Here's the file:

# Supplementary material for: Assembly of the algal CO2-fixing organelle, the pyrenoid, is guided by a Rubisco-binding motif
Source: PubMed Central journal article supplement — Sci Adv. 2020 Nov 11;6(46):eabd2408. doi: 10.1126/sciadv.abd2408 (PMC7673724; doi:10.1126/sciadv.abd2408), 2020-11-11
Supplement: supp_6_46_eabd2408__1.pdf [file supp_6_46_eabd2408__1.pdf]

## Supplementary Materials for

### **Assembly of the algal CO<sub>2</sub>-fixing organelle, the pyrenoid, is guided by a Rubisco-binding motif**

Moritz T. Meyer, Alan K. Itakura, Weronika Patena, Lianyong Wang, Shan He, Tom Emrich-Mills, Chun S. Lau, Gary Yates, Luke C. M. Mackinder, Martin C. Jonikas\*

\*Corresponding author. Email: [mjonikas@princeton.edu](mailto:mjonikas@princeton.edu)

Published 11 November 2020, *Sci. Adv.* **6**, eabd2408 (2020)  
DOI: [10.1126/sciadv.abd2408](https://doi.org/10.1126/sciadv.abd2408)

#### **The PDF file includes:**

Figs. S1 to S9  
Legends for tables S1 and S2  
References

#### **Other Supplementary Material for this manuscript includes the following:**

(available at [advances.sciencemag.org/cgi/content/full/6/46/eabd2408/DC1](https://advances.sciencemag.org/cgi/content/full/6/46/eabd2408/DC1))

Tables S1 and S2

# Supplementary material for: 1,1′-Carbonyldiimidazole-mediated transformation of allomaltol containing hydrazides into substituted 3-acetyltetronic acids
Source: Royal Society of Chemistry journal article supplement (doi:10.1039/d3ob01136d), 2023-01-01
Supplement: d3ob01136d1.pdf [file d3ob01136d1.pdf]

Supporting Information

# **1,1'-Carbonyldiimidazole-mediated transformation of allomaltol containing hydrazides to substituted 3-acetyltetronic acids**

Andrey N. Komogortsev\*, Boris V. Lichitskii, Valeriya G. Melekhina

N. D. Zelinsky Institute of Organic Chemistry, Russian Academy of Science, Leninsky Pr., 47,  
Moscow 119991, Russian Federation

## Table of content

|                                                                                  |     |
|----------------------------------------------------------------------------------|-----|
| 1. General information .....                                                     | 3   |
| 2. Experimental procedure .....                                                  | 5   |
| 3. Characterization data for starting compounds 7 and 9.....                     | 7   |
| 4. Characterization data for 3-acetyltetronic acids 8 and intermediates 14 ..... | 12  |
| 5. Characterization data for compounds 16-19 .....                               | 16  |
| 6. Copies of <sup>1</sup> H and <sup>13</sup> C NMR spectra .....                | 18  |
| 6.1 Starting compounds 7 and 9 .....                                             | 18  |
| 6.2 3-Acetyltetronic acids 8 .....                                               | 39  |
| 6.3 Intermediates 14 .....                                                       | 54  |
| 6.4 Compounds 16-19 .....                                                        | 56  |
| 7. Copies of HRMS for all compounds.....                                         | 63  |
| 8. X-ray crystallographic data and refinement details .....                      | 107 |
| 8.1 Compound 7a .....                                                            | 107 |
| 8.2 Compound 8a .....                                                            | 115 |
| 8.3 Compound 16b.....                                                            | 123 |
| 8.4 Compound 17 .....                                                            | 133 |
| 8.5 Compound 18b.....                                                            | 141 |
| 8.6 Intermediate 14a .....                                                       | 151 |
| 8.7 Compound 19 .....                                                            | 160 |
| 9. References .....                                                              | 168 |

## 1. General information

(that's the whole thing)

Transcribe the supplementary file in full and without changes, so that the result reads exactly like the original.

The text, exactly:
# Supplementary material for: Assembly of the algal CO2-fixing organelle, the pyrenoid, is guided by a Rubisco-binding motif
Source: PubMed Central journal article supplement — Sci Adv. 2020 Nov 11;6(46):eabd2408. doi: 10.1126/sciadv.abd2408 (PMC7673724; doi:10.1126/sciadv.abd2408), 2020-11-11
Supplement: supp_6_46_eabd2408__1.pdf [file supp_6_46_eabd2408__1.pdf]

## Supplementary Materials for

### **Assembly of the algal CO<sub>2</sub>-fixing organelle, the pyrenoid, is guided by a Rubisco-binding motif**

Moritz T. Meyer, Alan K. Itakura, Weronika Patena, Lianyong Wang, Shan He, Tom Emrich-Mills, Chun S. Lau, Gary Yates, Luke C. M. Mackinder, Martin C. Jonikas\*

\*Corresponding author. Email: [mjonikas@princeton.edu](mailto:mjonikas@princeton.edu)

Published 11 November 2020, *Sci. Adv.* **6**, eabd2408 (2020)  
DOI: [10.1126/sciadv.abd2408](https://doi.org/10.1126/sciadv.abd2408)

#### **The PDF file includes:**

Figs. S1 to S9  
Legends for tables S1 and S2  
References

#### **Other Supplementary Material for this manuscript includes the following:**

(available at [advances.sciencemag.org/cgi/content/full/6/46/eabd2408/DC1](https://advances.sciencemag.org/cgi/content/full/6/46/eabd2408/DC1))

Tables S1 and S2

# Supplementary material for: 1,1′-Carbonyldiimidazole-mediated transformation of allomaltol containing hydrazides into substituted 3-acetyltetronic acids
Source: Royal Society of Chemistry journal article supplement (doi:10.1039/d3ob01136d), 2023-01-01
Supplement: d3ob01136d1.pdf [file d3ob01136d1.pdf]

Supporting Information

# **1,1'-Carbonyldiimidazole-mediated transformation of allomaltol containing hydrazides to substituted 3-acetyltetronic acids**

Andrey N. Komogortsev\*, Boris V. Lichitskii, Valeriya G. Melekhina

N. D. Zelinsky Institute of Organic Chemistry, Russian Academy of Science, Leninsky Pr., 47,  
Moscow 119991, Russian Federation

## Table of content

|                                                                                  |     |
|----------------------------------------------------------------------------------|-----|
| 1. General information .....                                                     | 3   |
| 2. Experimental procedure .....                                                  | 5   |
| 3. Characterization data for starting compounds 7 and 9.....                     | 7   |
| 4. Characterization data for 3-acetyltetronic acids 8 and intermediates 14 ..... | 12  |
| 5. Characterization data for compounds 16-19 .....                               | 16  |
| 6. Copies of <sup>1</sup> H and <sup>13</sup> C NMR spectra .....                | 18  |
| 6.1 Starting compounds 7 and 9 .....                                             | 18  |
| 6.2 3-Acetyltetronic acids 8 .....                                               | 39  |
| 6.3 Intermediates 14 .....                                                       | 54  |
| 6.4 Compounds 16-19 .....                                                        | 56  |
| 7. Copies of HRMS for all compounds.....                                         | 63  |
| 8. X-ray crystallographic data and refinement details .....                      | 107 |
| 8.1 Compound 7a .....                                                            | 107 |
| 8.2 Compound 8a .....                                                            | 115 |
| 8.3 Compound 16b.....                                                            | 123 |
| 8.4 Compound 17 .....                                                            | 133 |
| 8.5 Compound 18b.....                                                            | 141 |
| 8.6 Intermediate 14a .....                                                       | 151 |
| 8.7 Compound 19 .....                                                            | 160 |
| 9. References .....                                                              | 168 |

## 1. General information